What's The Sickness Forecast For Today?
Sickweather uses social media posts that mention sickness to create a geographical "illness map" so that users can navigate their way around potential "storm activity."
Kecia Lynn has worked as a technical writer, editor, software developer, arts administrator, summer camp director, and television host. A graduate of Case Western Reserve University and the Iowa Writers' Workshop, she is currently living in Iowa City and working on her first novel.
What's the Latest Development?
A Web site could be said to be a kind of Weather Channel for hypochondriacs: Sickweather's algorithms pull posts from Facebook and Twitter that mention sickness (such as, "I think I'm coming down with the flu") and use their location data to create a visual "under the weather forecast" to help users avoid illness. It also allows sick people to report the symptoms so they can see whether they may correspond to any of the 20 common illnesses that are tracked. Coming soon is a smartphone app that will use the owner's geographic location to alert them when they're in a potentially "sick" area.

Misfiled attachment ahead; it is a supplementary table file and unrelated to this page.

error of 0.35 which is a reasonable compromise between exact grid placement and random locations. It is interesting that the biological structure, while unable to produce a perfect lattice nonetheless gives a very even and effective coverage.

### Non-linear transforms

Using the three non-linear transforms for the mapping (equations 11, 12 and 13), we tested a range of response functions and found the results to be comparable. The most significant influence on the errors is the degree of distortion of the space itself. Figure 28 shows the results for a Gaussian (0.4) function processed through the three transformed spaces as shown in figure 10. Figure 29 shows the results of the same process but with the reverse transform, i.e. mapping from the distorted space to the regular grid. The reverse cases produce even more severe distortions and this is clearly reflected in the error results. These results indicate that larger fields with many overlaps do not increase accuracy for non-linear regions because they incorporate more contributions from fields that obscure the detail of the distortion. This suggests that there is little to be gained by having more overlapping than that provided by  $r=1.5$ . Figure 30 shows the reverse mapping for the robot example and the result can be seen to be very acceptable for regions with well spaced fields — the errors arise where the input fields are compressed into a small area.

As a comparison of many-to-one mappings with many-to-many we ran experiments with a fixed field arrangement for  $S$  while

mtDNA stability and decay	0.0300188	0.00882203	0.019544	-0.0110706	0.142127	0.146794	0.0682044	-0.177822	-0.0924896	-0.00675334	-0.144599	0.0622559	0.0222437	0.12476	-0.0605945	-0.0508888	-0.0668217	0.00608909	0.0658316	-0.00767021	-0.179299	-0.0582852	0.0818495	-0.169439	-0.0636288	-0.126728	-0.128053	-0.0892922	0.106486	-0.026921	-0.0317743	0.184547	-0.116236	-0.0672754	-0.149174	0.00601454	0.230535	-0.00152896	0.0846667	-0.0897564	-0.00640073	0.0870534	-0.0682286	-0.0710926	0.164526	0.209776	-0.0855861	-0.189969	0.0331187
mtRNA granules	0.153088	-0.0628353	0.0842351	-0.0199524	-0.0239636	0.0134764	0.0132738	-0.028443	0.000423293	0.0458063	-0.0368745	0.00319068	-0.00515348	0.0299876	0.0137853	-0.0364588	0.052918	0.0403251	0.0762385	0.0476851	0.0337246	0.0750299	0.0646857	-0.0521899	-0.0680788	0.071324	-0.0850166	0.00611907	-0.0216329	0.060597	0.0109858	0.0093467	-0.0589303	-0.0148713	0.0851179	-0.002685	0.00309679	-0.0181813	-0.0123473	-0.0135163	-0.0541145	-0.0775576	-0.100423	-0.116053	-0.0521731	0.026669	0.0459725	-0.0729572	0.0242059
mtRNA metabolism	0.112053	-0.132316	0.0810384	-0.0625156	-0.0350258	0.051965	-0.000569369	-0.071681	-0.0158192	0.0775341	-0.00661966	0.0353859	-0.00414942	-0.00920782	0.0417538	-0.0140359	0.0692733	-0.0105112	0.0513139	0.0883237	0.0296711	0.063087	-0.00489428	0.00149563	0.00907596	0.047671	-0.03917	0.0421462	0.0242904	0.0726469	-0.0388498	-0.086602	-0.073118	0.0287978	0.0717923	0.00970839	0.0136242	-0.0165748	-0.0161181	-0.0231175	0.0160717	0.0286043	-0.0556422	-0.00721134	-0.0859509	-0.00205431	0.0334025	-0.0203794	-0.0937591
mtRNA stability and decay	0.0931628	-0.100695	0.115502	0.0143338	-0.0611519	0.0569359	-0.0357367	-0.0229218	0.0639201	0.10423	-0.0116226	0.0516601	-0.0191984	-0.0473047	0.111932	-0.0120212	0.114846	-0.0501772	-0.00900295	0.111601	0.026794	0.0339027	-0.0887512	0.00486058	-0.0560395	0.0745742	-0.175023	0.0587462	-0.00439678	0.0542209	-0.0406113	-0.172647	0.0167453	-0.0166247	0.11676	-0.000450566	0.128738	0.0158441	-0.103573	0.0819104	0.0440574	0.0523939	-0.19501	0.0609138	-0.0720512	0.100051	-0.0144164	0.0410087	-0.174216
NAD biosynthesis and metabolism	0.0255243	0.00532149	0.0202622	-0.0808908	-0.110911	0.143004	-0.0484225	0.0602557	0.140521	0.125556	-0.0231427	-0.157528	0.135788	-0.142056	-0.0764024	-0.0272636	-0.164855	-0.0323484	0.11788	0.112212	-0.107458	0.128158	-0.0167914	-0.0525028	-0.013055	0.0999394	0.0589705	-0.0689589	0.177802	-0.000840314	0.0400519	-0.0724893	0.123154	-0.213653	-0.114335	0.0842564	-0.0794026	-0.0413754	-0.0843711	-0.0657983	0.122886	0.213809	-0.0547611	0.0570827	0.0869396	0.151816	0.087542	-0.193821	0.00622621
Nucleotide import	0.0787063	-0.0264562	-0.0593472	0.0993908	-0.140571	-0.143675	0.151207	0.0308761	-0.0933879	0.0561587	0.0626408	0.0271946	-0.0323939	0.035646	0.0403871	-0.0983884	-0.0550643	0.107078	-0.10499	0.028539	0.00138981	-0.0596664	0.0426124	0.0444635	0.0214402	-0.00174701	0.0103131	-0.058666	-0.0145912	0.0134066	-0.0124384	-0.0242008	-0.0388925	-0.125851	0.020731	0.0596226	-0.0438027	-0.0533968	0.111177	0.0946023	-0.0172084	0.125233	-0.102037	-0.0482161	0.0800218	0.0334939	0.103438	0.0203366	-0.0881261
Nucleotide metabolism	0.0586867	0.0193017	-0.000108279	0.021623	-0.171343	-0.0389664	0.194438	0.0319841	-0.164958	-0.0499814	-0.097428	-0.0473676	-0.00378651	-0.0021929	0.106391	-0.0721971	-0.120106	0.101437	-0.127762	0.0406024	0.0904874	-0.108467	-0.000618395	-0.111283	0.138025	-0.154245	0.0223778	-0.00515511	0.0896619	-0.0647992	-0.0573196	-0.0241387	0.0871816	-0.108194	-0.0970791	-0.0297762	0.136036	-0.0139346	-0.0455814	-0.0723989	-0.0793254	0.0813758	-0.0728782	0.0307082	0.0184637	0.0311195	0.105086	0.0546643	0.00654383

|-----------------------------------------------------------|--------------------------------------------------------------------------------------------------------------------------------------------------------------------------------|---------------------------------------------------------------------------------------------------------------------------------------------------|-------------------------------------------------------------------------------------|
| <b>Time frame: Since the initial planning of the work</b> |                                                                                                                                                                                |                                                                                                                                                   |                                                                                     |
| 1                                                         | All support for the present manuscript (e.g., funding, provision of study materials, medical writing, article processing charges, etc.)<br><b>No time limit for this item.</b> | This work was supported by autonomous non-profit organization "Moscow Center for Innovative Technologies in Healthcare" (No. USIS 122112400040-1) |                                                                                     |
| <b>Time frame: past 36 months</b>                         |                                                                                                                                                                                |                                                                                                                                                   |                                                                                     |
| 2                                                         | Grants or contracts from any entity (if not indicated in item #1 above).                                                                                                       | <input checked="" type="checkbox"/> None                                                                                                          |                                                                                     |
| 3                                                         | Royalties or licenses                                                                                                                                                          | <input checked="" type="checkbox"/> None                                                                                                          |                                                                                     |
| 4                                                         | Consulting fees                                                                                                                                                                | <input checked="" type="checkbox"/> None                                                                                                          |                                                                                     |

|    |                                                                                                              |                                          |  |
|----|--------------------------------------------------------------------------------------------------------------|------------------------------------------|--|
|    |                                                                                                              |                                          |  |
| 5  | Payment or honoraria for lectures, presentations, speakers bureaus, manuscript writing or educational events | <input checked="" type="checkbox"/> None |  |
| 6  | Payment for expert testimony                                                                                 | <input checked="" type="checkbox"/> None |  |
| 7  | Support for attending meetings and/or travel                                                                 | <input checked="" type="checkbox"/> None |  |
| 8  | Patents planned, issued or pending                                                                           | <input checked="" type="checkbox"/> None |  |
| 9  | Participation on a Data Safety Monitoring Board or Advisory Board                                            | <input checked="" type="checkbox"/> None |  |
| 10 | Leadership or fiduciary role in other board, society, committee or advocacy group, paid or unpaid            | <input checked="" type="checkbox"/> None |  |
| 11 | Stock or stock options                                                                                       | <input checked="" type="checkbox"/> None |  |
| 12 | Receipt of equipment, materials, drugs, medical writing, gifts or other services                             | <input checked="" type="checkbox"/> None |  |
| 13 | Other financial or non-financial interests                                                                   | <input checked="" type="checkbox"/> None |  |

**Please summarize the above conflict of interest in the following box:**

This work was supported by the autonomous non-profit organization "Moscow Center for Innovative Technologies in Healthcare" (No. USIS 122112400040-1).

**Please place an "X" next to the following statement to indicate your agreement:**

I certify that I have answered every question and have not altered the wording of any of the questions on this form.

What's the Big Idea?
At this point, few people disagree that social media is an effective tool for spreading information, good or bad, true or false. A post on Sickweather's blog says it was able to predict last year's flu epidemic weeks before the government could. However, writer Jam Kotenko notes the downside of depending on social media: "[D]igging for disease data on sites like Facebook and Twitter is not a perfected science. Sometimes, sick people are too sick to post about…being sick."
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